Giving young children medicine once a month during the rainy season to protect them against malaria could prevent tens of thousands of deaths each year in some areas of Africa, according to new research.
A team of scientists analysed the potential impact of a new strategy to control malaria in Africa which takes a similar approach to that used to protect travellers going to malaria endemic areas and found that even with moderate levels of coverage it could lead to significant public health improvements.
Malaria experts see this new approach, called seasonal malaria chemoprevention (SMC), as an exciting new tool in the fight against malaria. The study highlights the areas of Africa where this approach could be used most effectively and will assist deployment of this new control measure where it is needed urgently.
The study, published in Nature Communications, was led by the London School of Hygiene & Tropical Medicine and involved a collaboration of researchers in the UK and Africa.
In some parts of Africa, malaria is only a major problem for a few months of the year during and immediately after the rainy season. In these areas, providing monthly courses of a cheap antimalarial drug combination (sulphadoxine-pyrimethamine and amodiaquine) to young children during the malaria transmission season when they are at highest risk has been shown to prevent approximately 80% of severe and uncomplicated malaria cases.
It has been found that large-scale administration of antimalarial medicines once-per-month on repeated occasions can be carried out successfully, that it is very safe and that it provides protection even if children are sleeping under insecticide treated bed-nets. Currently, the main approaches to malaria control are use of insecticide treated bed-nets and spraying of homes with insecticide, combined with prompt diagnostic testing and effective treatment of malaria patients with artemisinin-based combination therapies.
Combining satellite maps of rainfall with information on the malaria burden in different areas of Africa, the researchers identified the regions where seasonal malaria chemoprevention would be useful and cost-effective. The largest impact would be in countries of the Sahel and sub-Sahel, a wide-belt of Africa ranging from The Gambia and Senegal in the West to parts of Sudan in the East. Key countries are Nigeria, Niger, Burkina Faso and Mali, where approximately 14 million children under five are at risk in areas suitable for this approach.
Following a review of the evidence including these findings by its Malaria Policy Advisory Committee, the World Health Organization (WHO) recently formally recommended seasonal malaria chemoprevention as policy for malaria control in the Sahel and sub-Sahel. Some of the countries in West Africa identified in this study may wish to introduce SMC into their national malaria control programmes.
The team also estimated the number of children at risk of malaria in these areas, and the number of malaria cases and deaths that could be prevented if seasonal malaria chemoprevention is widely used. There are approximately 40 million children under five living in parts of Africa suitable for SMC who could benefit from this intervention and around 150,000 childhood deaths from malaria each year. Making realistic rather than optimistic assumptions about how many children could be reached and how effective this approach would be, the researchers estimate that around 11 million cases of malaria and approximately 50,000 deaths from malaria could be prevented per year if SMC was fully implemented.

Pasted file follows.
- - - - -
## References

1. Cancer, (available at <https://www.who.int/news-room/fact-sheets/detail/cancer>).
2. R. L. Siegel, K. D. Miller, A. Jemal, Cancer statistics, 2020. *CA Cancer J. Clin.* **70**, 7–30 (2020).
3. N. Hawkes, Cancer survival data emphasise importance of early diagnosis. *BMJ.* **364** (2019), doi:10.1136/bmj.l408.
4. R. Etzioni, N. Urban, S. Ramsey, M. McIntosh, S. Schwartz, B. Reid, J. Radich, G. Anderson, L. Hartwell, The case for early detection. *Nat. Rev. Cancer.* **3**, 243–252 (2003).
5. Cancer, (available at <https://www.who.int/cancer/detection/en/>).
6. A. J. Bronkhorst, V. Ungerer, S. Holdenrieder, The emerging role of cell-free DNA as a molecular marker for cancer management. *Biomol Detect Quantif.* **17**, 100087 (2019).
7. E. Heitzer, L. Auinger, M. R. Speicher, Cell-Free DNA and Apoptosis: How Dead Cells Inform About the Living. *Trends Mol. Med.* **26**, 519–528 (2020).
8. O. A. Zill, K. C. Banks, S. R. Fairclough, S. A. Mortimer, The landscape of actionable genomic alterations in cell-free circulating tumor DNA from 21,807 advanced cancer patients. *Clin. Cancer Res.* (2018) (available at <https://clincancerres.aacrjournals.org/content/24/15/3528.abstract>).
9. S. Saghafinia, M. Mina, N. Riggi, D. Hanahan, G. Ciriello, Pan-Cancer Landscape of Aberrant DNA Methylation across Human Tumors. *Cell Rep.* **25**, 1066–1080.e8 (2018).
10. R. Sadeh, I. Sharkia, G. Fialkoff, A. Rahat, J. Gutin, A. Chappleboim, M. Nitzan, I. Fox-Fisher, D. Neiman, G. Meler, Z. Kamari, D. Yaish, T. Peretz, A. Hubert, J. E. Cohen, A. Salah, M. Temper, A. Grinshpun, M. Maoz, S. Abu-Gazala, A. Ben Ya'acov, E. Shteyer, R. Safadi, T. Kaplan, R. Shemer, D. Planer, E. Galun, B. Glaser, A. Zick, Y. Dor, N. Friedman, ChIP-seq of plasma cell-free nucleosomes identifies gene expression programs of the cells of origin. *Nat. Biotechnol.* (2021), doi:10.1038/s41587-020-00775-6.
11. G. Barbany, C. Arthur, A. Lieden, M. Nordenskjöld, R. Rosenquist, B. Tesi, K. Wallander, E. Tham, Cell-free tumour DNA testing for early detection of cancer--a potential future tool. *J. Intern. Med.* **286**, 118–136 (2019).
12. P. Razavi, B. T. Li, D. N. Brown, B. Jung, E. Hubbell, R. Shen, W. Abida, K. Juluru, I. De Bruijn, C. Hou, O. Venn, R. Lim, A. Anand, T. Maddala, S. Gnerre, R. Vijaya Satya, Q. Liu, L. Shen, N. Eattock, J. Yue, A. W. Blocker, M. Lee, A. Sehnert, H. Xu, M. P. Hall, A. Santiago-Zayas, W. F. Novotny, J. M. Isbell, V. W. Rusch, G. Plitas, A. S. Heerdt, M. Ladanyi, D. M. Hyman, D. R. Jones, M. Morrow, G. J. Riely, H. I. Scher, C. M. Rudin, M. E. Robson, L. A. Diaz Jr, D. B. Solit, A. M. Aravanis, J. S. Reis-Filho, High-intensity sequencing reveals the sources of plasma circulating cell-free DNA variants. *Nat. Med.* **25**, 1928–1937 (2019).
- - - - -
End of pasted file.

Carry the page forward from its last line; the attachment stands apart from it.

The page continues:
Lead author Dr Matt Cairns, of the London School of Hygiene and Tropical Medicine, said: "Providing insecticide-treated nets is an important way of protecting children from malaria, but in some areas it isn't enough - children need additional methods of protection. We have identified two large areas of Africa where monthly seasonal chemoprevention could be an effective addition to existing approaches that reduce exposure to mosquitoes. If this control measure could be deployed widely it could prevent many millions of cases of malaria and tens of thousands of deaths every year."
Professor Sir Brian Greenwood, one of the senior authors of the study and a leading expert on malaria control, said: "Excitingly, this is something that is available to put into action immediately, so children will start to benefit from this approach now rather than in three or five years' time. The key is to ensure that the promise becomes a reality."
Dr Robert Newman, Director of the WHO Global Malaria Programme, remarked: "This intervention has great potential to contribute towards the achievement of the health-related Millennium Development Goals in the Sahel sub-Region of Africa; the opportunity for policy adoption and implementation should be seized quickly."